Workplace Devotionals

April 2, 2012

Lessons from Nehemiah

Filed under: Uncategorized — ejwcpa @ 4:53 pm

Nehemiah is one of my favorite books of the Bible, and a great book to learn about being a leader and conducting business.  While there are dozens of lessons to be learned from Nehemiah, I’d like to share a few that stood out to me as I studied.

  1. Before doing anything, you must have a vision from God (Nehemiah 1:4).  When Nehemiah heard the news that the people were in great trouble and disgrace, the walls were broken down, and the gates burned; he sat and wept then mourned and fasted for days.  This is a strong reaction.  Even more remarkable is that the fall of Jerusalem was in 586, the exiles with Ezra returned in 458 (128 years later) and Nehemiah has this reaction in 444, 142 years after the fall of Jerusalem, and 14 years after the exiles had returned.  This is a powerful reaction to news that is 142 years old.  This is like someone giving you the news that Lincoln has been assassinated and you mourning for days because of it.  Nehemiah’s reaction toward the news of Jerusalem’s current state can only be attributed to a vision from God to compel Nehemiah to react is such a way.  God gave Nehemiah the vision and mission to go back and rebuild the walls in Jerusalem.
  2. Action starts with prayer (1:5-11a, 2:4, 4:4-5, 4:9, 5:19, 6:9, 6:14, 13:14, 22b, 29, 31b).  Nehemiah prays early and often and throughout the book of Nehemiah.  He prays for little things, small things, wisdom, strength, protection, thanksgiving.  Nehemiah is a “prayer warrior.”  It is also interesting that most of the prayers recorded in Nehemiah are short, one sentence prayers, sometimes quickly added in the midst of conversation.  Too often I think we feel the need to have lengthy drawn out prayers, as if praying longer will make us more spiritual, or at least, make us look more spiritual in the eyes of others.  We forget that prayer is our conversations with God, and not meant for others.  Jesus takes this further in his teachings, when he explains prayer as recorded in Matthew 6:5-8.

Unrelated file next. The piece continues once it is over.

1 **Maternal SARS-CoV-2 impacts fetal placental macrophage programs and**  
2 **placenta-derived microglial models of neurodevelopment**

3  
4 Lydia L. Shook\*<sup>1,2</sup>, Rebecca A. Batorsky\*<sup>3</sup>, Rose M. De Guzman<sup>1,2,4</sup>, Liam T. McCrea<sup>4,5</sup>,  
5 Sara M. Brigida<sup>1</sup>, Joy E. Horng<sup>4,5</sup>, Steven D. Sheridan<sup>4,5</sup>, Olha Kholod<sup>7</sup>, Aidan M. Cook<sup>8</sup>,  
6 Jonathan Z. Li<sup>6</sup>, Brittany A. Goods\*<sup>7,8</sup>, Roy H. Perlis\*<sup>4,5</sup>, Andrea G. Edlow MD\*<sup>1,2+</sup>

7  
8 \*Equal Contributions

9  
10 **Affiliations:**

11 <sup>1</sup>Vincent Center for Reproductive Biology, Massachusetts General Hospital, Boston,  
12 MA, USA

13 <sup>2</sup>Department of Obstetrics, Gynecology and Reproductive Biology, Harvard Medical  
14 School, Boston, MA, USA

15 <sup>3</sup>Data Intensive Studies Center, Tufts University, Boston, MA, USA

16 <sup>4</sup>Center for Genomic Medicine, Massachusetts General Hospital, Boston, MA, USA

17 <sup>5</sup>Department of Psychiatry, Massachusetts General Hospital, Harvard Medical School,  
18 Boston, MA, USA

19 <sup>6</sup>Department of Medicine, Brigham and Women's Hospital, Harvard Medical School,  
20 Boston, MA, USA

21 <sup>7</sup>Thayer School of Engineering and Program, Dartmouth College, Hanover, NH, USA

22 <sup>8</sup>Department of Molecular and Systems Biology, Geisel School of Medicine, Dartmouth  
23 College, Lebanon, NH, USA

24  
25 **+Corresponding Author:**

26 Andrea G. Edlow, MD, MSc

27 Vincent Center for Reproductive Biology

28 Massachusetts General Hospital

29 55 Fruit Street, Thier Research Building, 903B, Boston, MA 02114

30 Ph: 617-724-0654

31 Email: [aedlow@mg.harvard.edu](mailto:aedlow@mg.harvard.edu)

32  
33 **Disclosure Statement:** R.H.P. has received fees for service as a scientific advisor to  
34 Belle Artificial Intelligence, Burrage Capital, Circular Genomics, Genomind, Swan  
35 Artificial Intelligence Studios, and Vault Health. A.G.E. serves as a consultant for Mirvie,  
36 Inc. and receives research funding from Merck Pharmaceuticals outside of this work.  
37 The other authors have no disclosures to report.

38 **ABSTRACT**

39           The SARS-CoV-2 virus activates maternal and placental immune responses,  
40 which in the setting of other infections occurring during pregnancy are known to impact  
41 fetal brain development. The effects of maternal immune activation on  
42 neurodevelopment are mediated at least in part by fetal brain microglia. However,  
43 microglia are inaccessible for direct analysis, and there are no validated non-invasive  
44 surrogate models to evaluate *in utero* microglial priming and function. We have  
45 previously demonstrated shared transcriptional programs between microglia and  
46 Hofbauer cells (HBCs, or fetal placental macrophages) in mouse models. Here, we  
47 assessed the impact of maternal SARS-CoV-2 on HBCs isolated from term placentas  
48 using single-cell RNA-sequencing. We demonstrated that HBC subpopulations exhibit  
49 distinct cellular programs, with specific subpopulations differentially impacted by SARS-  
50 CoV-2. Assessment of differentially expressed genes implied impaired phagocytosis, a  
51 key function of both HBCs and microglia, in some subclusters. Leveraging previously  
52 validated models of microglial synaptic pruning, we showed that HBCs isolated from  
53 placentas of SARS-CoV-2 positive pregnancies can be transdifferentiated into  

3. Join with others by communicating the vision effectively and appropriately (2:3-5).  Nehemiah’s ability to communicate his vision effectively at the appropriate time to the appropriate person allowed for God’s vision to be carried out.  Nehemiah boldly approached the king looking sad (at that time a good way to be killed, servants were expected to have a cheerful disposition around the king at all times) and then spoke to the king about what was bothering him, tactfully explaining the problem in a way that would appeal to the king (i.e. starting out the conversation by referring to the city as being the place where his fathers were buried, something that would resonate with the king).  Carrying out a vision of any kind always requires the help of others.  Getting others on board requires the vision to be clearly articulated.  People don’t like follow a poor vision, or a vision that they do not buy into.
  4. You will need contributions from those around you of time, work, funding, and supplies (Priests 3:1, goldsmith and perfume makers 3:8, rulers 3:9, daughters 3:12, Nehemiah himself 4:23, 7:70-72, 10:32-39).  Big visions need large amounts of people to carry out.  You can’t do it alone.  In tasks to change or uplift an entire church or business, it requires everyone to help out, not just a few, not just the leaders, but the whole body.  Rarely, if ever is there a successful person who did everything working on his own.  Because of the great help from all the people, the wall was rebuilt in just 52 days.